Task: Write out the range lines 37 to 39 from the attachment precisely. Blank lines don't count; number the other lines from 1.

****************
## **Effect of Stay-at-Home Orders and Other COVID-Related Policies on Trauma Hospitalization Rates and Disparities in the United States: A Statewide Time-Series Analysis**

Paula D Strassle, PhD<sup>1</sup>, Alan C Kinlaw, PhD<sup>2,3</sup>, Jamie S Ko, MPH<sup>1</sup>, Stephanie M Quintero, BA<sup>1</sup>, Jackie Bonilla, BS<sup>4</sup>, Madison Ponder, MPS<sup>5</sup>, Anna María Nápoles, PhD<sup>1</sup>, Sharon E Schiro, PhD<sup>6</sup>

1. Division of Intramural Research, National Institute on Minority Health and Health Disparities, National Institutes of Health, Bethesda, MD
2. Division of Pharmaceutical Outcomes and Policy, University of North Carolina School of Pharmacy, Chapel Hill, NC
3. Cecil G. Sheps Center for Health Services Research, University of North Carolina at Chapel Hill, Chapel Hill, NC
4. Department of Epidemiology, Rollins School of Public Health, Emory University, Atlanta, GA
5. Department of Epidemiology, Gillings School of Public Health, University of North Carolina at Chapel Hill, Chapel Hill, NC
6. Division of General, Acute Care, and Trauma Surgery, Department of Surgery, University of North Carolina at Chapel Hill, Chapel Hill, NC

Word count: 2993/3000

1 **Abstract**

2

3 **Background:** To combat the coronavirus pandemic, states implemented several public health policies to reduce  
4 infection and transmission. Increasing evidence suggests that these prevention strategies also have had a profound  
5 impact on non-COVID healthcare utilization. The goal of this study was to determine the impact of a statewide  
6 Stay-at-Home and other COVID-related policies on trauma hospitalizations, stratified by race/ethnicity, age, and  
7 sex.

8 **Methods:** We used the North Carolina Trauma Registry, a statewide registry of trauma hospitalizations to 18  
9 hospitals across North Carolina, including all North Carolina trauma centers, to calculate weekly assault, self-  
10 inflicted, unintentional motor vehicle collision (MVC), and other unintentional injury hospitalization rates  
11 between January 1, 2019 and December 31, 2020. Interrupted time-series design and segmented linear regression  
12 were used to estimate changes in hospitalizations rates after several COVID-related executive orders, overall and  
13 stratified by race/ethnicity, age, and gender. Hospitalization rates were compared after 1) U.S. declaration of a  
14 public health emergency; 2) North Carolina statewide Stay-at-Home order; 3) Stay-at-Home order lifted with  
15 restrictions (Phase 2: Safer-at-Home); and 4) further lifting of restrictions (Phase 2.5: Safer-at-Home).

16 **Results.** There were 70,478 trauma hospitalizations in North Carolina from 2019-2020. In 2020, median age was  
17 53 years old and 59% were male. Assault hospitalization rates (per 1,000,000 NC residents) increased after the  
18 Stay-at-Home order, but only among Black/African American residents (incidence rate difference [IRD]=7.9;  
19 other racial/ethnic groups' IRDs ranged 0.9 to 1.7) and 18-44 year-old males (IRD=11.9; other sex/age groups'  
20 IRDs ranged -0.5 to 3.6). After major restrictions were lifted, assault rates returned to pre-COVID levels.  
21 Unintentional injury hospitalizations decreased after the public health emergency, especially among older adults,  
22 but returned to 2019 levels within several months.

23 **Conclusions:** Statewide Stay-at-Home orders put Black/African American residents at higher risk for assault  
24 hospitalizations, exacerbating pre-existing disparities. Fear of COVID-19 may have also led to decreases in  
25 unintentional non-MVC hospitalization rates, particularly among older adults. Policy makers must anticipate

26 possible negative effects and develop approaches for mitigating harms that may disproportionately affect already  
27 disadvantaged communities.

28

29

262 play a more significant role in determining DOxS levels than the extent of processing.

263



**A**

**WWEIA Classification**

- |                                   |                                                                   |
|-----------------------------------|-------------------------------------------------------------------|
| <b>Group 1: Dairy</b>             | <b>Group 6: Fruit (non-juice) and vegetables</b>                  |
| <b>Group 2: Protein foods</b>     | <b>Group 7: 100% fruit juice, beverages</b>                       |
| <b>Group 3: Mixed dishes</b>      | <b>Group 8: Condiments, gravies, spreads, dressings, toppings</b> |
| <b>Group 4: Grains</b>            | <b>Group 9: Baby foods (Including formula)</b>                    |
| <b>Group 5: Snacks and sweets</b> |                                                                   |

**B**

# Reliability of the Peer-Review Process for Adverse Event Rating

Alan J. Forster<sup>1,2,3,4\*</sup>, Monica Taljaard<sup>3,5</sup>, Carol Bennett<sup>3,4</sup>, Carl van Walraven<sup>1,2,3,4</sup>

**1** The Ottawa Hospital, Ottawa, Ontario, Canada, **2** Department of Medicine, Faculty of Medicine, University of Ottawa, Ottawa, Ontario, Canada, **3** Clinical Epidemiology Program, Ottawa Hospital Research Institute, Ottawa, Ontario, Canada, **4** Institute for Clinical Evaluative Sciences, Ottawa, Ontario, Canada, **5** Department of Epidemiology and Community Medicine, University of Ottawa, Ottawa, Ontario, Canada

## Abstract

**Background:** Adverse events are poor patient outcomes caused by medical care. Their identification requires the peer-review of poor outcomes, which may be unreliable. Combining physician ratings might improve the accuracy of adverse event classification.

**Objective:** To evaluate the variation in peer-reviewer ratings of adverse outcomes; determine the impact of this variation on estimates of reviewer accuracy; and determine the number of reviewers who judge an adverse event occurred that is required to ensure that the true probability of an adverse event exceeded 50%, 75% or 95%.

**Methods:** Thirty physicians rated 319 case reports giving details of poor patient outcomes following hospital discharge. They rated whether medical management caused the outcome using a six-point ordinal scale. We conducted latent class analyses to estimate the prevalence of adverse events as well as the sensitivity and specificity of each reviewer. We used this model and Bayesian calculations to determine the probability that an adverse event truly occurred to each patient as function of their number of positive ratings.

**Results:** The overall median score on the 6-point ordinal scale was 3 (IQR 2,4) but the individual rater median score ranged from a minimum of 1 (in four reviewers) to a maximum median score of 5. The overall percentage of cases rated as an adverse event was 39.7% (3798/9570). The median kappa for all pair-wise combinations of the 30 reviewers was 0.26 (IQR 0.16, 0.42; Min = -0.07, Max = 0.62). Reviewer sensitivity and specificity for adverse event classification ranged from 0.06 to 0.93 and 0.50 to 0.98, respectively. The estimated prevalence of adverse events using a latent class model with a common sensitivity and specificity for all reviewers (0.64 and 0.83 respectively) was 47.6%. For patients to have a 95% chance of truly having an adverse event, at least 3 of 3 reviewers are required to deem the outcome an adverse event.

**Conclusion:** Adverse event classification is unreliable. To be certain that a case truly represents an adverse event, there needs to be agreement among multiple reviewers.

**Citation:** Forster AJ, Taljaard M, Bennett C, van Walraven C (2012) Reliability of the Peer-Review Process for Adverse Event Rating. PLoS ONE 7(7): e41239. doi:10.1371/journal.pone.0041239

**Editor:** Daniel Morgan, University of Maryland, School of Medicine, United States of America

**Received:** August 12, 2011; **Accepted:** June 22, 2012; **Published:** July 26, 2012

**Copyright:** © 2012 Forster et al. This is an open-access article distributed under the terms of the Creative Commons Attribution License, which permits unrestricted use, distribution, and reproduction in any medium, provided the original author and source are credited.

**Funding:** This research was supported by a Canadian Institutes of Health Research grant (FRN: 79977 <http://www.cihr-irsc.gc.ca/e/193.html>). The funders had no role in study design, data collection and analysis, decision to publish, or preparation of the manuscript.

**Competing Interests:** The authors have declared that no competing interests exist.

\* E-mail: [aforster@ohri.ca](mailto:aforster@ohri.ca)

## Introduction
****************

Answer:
28

29

262 play a more significant role in determining DOxS levels than the extent of processing.